The word ‘wedding’ often conjures up beautiful memories and thoughts of romance, new beginnings and celebration. But there’s another word that goes hand in hand with weddings, certainly for the bride and groom and potentially their families too and that’s ‘spending.’
In times gone by it was often the tradition for the bride’s family to cover the majority of the wedding-related expenses but that’s no longer the case and the lines about who pays for what have become blurred. Today, many couples cover the cost of their wedding themselves. And with the average wedding costing over $35,000 (according to Moneysmart), budgeting becomes a significant factor in wedding planning.
Taylor says keeping things in perspective is essential when planning your wedding. “Everyone wants their wedding day to be absolutely perfect but it’s vital to remember that it’s still just eight hours or so in the whole scheme of your lives together. I’d caution anyone about spending a fortune and therefore, starting your union as a married couple in debt.”
Understanding your budget is key for Taylor who, by her own admission, hadn’t been to a lot of weddings and had minimal understanding of the wedding industry. She admits to being quite naïve about the cumulative expenses and had certainly underestimated what weddings cost. For example, Taylor’s initial budget for the entire day ended up covering just the venue.
Taylor recommends starting the entire wedding planning process by sitting down with your partner and talking through what kind of wedding you want. Consider your expectations of the day and put together a guest list to ascertain numbers. Knowing your budget determines many other factors. Some important questions to consider are, ‘Is the wedding you want actually affordable? How much are you willing/able to spend on your wedding day?
Ideally, Taylor feels it’s best to avoid paying for your wedding on credit or by taking out a personal loan, in part because these funds incur such high-interest rates. However, she also understands that not everyone is in a position to save for their wedding day and may need to rely on such loans/lines of credit to cover expenses. She recommends exploring all alternatives prior to going down this path. One idea might be an interest-free loan from a family member. Another suggestion is to have a conversation with the family about any financial assistance they may be willing to provide. Parents and grandparents may wish to contribute in some way toward wedding day expenses.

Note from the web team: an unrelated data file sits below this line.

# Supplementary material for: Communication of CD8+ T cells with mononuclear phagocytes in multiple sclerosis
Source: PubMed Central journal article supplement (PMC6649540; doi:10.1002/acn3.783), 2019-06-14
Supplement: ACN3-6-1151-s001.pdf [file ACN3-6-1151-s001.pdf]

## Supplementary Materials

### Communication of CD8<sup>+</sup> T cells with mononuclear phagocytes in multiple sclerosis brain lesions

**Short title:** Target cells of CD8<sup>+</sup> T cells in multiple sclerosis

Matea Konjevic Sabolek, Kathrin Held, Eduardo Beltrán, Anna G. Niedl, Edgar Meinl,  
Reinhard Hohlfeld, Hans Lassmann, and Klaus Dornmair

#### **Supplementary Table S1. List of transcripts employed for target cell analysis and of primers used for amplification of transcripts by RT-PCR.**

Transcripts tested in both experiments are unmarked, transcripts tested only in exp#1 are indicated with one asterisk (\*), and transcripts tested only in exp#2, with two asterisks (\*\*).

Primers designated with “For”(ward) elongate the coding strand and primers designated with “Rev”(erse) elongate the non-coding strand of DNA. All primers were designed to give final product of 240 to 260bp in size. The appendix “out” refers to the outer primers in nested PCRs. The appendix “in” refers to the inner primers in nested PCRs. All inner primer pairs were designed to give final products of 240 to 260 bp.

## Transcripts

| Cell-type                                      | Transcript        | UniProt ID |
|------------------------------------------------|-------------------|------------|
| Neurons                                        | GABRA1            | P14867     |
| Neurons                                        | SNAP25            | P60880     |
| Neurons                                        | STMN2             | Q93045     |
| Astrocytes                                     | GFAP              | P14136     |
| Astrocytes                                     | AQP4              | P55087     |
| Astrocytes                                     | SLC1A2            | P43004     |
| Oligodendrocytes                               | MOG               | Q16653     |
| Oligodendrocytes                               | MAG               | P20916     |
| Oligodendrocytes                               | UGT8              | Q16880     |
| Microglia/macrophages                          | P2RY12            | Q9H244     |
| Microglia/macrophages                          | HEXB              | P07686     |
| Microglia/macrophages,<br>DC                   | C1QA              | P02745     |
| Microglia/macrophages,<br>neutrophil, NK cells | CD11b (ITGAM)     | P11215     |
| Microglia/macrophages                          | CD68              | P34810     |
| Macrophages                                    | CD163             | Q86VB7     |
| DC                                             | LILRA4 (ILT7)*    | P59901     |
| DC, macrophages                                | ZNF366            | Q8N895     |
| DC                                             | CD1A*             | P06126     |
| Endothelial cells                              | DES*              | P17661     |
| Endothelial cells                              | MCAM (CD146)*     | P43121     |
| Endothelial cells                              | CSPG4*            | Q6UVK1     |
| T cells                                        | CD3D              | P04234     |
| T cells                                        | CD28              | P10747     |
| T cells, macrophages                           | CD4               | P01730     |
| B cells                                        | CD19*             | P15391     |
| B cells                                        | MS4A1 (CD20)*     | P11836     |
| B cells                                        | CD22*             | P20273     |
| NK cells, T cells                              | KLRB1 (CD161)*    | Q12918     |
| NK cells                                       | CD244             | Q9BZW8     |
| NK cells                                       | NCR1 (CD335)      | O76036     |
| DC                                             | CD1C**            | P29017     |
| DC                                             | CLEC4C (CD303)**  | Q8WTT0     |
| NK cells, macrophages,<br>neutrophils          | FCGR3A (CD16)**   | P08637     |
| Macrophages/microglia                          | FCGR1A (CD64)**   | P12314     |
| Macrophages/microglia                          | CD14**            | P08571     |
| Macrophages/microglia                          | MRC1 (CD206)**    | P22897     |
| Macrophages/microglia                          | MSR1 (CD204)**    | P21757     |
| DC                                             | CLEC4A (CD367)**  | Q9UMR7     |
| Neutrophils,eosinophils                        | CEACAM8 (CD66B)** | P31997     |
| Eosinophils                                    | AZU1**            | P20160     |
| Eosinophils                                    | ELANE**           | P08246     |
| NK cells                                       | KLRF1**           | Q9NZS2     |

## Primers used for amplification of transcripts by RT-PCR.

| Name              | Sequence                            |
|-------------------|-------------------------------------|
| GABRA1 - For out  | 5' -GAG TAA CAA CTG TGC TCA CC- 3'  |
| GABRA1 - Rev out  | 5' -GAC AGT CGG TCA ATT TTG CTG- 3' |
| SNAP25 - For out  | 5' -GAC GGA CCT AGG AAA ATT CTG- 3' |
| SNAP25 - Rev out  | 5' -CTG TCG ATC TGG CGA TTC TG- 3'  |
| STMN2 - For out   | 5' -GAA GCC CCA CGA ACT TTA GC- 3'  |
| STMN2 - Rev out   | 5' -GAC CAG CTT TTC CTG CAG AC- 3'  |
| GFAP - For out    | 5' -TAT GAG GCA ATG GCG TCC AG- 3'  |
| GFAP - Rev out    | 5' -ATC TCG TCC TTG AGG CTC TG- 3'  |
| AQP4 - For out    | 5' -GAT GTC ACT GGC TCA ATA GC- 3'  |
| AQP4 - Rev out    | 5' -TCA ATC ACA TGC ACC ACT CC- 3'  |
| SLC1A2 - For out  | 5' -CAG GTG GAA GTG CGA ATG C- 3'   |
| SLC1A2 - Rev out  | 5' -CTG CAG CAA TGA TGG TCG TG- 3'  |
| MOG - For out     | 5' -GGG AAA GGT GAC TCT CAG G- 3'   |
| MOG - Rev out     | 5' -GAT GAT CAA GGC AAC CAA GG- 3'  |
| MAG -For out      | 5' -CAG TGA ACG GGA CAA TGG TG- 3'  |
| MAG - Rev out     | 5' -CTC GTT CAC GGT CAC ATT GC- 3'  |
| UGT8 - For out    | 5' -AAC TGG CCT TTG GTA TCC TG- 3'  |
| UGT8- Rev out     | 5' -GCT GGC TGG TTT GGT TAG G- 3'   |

For Taylor, it’s back to that big picture view. “My advice to clients is to talk budget early on. Discussing what matters most to you in your lives can often lead to a conversation about trade-offs. For example, everyone wants to have their dream wedding but to have all the bells and whistles at the cost of potentially delaying purchasing your first home by a few years or delaying plans to start a family, is significant.” Compromises often need to be made.
Taylor adds, “It’s 2022 – most couples are living together before they get married, many already have children and so, in a multitude of ways, their lives have already started. Couples need to look carefully at their goals and individual circumstances and work out exactly where their wedding days fit into that big picture.”
One of the advantages of planning a wedding is that there’s typically a long lead time. Taylor says this makes it easier from a financial planning viewpoint as you can set your expectations and base your budget and savings plans around that. “For those planning a big wedding, the date tends to be quite far off which means that after you pay the initial deposit, final payments are generally not due until much closer to the wedding date (be it 60 days or as little as seven days) which gives you the opportunity to set / reach certain savings milestones along the way.”
Taylor believes that a lot of people fall into the trap of not tracking their wedding expenses. “And, before you know it, you’ve well and truly exceeded your budget. An excel spreadsheet is a great way to keep track of when final payments are due, overall spending to date and how you’re tracking against your overall budget.”
Taylor’s Pro Tip – “Don’t be tempted to pay off your vendors early. That money is better sitting in your account either accumulating interest or offsetting your mortgage.”